7 Oldest buildings in Africa that will amaze you


You have probably heard Africa called the “cradle of humanity.” As you might assume given its critical function in human development, there are a few stupendously ancient structures still status on the continent. While many of them are barely recognizable as buildings (appearing extra like unfinished mounds), others are thoroughly preserved, dating lower back as some distance as 2667–2648 BC.

You will observe that almost everything on this listing is a pyramid. This is genuinely because nearly all of the maximum historical systems in Africa which might be complete enough to classify as “buildings” had been constructed as tombs in ancient Egypt.

1. Pyramid of Djoser, Egypt (2667–2648 BC)

Eventually, the oldest building still standing in Africa is the original Egyptian pyramid, the Pyramid of Djoser. Its design was conceived by the engineer Imhotep, who was also a physician and architect (and amazingly enough, a commoner, later considered a god after he was deified two thousand years after his death).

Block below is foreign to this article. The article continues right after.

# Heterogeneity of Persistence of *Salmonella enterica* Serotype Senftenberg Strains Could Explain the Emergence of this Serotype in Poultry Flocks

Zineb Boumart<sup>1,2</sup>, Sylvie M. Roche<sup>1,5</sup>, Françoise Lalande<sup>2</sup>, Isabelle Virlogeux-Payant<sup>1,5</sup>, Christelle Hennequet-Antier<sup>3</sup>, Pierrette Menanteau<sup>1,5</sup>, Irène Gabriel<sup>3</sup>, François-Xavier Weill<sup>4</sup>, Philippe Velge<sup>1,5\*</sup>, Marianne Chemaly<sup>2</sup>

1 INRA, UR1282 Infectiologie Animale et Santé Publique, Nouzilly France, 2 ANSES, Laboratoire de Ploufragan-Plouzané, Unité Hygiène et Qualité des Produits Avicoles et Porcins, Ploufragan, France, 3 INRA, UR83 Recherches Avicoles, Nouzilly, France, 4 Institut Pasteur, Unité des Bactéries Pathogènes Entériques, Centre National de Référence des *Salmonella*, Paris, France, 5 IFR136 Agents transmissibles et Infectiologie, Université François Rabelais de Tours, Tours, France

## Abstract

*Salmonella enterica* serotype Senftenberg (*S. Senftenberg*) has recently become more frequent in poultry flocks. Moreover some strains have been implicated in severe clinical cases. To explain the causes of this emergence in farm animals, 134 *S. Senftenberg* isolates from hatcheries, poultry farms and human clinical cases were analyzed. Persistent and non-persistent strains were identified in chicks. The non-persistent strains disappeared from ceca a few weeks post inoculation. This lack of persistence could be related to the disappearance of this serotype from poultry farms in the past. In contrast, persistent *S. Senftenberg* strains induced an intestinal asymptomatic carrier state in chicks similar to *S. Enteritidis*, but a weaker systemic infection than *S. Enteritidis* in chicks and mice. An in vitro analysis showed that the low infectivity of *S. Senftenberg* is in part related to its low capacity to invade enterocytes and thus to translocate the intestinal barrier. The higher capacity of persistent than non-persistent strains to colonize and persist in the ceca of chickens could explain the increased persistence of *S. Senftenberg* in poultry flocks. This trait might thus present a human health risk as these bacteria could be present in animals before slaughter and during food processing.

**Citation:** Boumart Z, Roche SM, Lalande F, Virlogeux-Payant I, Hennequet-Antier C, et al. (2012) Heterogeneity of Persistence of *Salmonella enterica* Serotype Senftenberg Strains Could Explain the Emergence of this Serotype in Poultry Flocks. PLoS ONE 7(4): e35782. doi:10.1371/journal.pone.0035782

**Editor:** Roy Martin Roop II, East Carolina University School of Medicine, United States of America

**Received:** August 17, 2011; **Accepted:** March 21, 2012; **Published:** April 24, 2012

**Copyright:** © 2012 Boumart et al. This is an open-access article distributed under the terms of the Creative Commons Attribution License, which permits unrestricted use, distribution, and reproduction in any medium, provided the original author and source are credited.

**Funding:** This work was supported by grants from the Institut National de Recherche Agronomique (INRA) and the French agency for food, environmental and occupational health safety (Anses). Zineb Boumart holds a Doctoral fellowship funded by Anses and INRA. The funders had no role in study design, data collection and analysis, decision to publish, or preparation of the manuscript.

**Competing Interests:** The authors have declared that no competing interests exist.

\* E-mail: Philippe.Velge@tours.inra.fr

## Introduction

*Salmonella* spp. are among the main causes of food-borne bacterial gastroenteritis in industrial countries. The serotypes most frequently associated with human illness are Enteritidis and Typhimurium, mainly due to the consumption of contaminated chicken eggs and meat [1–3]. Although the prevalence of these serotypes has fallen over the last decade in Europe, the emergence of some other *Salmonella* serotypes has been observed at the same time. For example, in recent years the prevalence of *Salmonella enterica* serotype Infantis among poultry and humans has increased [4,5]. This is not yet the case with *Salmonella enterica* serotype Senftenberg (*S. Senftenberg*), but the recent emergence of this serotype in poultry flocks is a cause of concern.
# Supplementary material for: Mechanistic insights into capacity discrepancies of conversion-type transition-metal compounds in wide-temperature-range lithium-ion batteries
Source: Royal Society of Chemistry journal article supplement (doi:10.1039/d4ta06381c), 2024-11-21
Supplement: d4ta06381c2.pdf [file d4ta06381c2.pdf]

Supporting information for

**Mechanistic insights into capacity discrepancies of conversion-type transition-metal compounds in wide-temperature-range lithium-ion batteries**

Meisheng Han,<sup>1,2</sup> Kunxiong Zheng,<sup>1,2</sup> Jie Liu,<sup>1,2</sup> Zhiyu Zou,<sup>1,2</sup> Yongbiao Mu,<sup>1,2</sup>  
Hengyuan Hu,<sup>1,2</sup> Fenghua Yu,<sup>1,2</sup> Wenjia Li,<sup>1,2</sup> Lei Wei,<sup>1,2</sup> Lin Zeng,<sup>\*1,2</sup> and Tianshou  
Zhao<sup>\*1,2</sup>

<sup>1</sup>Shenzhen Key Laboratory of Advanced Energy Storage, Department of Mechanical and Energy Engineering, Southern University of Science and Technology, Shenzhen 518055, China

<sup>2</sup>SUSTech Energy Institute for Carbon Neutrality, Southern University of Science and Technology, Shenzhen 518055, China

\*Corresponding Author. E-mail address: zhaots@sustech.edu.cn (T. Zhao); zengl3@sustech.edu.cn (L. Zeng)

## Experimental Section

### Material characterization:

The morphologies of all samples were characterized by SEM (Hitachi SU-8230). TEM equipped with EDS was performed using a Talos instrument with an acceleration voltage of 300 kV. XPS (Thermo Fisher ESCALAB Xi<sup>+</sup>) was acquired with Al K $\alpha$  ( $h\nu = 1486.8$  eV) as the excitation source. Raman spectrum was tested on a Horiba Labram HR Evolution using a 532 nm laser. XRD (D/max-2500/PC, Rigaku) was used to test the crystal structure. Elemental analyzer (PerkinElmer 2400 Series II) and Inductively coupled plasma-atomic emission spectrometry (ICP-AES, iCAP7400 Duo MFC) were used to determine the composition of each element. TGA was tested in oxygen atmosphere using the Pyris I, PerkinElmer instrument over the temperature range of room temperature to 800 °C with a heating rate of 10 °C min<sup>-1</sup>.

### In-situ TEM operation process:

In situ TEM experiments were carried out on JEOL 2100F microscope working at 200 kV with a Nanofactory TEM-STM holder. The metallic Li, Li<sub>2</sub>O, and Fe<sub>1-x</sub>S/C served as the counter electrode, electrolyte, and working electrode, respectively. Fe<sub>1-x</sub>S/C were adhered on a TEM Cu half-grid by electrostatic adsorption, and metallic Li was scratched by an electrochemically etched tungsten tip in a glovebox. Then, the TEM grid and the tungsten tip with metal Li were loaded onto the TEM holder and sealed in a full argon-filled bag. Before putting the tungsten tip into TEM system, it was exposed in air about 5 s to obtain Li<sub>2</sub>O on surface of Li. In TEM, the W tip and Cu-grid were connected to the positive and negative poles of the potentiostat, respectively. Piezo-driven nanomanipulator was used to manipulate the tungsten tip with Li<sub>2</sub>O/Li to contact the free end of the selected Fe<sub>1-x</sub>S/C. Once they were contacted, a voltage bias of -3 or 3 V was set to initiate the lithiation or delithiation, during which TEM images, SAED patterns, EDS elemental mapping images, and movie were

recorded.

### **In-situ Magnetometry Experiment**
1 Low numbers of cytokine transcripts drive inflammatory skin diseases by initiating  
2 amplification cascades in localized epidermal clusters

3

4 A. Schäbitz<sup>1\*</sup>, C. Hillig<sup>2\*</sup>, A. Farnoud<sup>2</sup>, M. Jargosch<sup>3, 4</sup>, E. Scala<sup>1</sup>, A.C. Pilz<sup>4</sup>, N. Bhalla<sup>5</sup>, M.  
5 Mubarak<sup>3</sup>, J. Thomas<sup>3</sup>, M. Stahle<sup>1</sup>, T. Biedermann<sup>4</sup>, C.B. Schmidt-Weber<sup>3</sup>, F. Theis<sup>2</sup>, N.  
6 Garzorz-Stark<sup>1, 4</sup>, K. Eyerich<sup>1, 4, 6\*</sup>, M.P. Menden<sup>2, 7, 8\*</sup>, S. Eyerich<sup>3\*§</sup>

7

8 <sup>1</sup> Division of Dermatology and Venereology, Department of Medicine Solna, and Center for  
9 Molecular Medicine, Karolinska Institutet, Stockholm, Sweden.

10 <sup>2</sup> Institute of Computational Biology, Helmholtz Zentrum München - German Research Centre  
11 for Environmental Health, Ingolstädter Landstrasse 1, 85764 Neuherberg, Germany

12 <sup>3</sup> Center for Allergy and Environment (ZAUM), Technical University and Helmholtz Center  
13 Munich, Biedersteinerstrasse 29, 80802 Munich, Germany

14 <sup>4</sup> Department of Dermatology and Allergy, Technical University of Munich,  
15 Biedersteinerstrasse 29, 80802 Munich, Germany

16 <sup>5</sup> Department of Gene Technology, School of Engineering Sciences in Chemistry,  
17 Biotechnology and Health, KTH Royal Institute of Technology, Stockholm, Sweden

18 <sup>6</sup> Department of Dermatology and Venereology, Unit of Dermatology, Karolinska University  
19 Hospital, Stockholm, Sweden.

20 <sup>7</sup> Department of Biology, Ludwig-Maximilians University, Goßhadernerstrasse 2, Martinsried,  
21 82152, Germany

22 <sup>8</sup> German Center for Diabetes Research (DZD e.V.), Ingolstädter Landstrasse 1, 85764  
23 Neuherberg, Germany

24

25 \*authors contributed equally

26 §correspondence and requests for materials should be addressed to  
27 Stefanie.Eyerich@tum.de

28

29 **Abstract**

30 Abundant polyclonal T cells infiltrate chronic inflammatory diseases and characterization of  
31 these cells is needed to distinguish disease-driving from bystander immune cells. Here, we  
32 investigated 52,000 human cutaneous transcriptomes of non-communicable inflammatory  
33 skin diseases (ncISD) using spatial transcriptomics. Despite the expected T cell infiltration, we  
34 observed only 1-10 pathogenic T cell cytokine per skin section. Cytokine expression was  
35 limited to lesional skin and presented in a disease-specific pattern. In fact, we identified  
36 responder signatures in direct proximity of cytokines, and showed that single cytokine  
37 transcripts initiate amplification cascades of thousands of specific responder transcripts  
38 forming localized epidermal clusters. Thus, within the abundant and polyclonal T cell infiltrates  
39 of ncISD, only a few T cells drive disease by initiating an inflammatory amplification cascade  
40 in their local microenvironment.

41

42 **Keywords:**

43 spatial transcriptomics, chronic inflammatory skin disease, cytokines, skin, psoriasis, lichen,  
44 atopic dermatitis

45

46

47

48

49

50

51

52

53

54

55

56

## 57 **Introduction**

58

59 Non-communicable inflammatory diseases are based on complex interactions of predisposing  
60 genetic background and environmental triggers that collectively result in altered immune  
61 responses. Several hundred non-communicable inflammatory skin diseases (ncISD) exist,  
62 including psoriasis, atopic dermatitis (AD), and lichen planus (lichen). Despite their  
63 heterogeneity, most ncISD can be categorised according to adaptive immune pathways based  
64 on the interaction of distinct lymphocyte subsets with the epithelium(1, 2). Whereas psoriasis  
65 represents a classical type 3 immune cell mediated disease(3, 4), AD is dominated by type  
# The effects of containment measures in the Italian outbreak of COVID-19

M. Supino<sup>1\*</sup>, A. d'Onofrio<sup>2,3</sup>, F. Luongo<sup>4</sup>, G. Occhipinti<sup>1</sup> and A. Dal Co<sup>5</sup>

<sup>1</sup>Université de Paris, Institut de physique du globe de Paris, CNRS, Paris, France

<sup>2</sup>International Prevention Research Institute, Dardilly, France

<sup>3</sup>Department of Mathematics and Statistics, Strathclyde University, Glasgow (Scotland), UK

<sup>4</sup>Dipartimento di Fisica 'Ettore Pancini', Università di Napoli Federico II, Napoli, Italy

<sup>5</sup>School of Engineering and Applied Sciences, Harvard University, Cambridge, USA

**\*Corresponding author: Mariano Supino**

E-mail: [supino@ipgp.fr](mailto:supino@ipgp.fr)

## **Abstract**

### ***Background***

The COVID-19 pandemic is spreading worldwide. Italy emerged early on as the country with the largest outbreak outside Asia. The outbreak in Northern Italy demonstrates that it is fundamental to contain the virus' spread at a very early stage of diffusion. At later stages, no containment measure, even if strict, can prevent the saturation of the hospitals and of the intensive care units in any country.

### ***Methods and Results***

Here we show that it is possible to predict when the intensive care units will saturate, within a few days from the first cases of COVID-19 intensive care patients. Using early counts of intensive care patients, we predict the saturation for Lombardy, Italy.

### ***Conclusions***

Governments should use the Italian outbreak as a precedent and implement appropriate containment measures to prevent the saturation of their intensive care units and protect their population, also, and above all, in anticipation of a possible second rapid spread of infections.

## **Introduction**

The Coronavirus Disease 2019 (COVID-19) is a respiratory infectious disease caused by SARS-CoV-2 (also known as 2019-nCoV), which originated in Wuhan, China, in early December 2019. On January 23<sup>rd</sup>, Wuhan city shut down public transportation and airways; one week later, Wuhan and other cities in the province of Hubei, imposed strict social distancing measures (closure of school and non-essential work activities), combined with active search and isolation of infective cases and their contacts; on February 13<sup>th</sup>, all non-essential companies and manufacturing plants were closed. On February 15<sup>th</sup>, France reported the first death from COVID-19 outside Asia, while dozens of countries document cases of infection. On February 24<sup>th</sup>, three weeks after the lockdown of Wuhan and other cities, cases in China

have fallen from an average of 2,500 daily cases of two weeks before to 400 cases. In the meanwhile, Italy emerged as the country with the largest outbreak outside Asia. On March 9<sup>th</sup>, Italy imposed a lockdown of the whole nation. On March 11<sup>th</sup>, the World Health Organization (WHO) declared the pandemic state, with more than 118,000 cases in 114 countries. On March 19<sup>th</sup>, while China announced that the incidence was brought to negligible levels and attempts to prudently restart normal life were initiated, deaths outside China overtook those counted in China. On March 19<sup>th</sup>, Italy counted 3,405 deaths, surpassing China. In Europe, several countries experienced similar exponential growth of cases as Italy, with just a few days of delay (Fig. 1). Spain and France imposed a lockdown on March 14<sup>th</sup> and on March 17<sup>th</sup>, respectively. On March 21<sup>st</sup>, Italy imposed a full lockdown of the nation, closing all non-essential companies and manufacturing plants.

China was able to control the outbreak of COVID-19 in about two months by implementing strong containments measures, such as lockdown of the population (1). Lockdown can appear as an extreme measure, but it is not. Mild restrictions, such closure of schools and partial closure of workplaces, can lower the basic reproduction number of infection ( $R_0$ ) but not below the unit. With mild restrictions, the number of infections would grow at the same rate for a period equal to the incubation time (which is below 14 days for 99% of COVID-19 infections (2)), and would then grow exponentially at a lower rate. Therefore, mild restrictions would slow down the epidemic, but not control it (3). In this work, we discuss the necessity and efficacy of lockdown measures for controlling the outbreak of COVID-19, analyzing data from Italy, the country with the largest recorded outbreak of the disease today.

Pyramid of Djoser – image credit to: Dennis Jarvis – CC BY-SA 2.0

The Pyramid of Djoser is a step pyramid, which can be contrasted with the smooth-sided pyramids developed later. Each step is referred to as a “mastaba,” which translates to “house of eternity.” A single mastaba can function as a tomb on its own. Stacking successively smaller mastabas one on top of the other resulted in a dramatic structure, fit for the burial of Pharaoh Djoser. This pyramid was, of course, a starting blueprint for all those that followed after.

You now know more about the oldest structures in Africa, the vast majority of which were constructed as ancient Egyptian tombs. The strides in engineering and architecture which were made by the ancient Egyptians were quite astonishing. Be sure to plan a trip to Africa one day to marvel at these ancient structures in person!

2. Pyramid of Meidum, Egypt (c. 2580 BC)

Also spelled “Maidum” or “Maydum,” the Pyramid of Meidum is located in Lower Egypt south of Cairo and is the second oldest building in Africa. Originally, it was likely constructed for the Third Dynasty pharaoh Huni, but it seems that Pharaoh Sneferu continued work on the structure.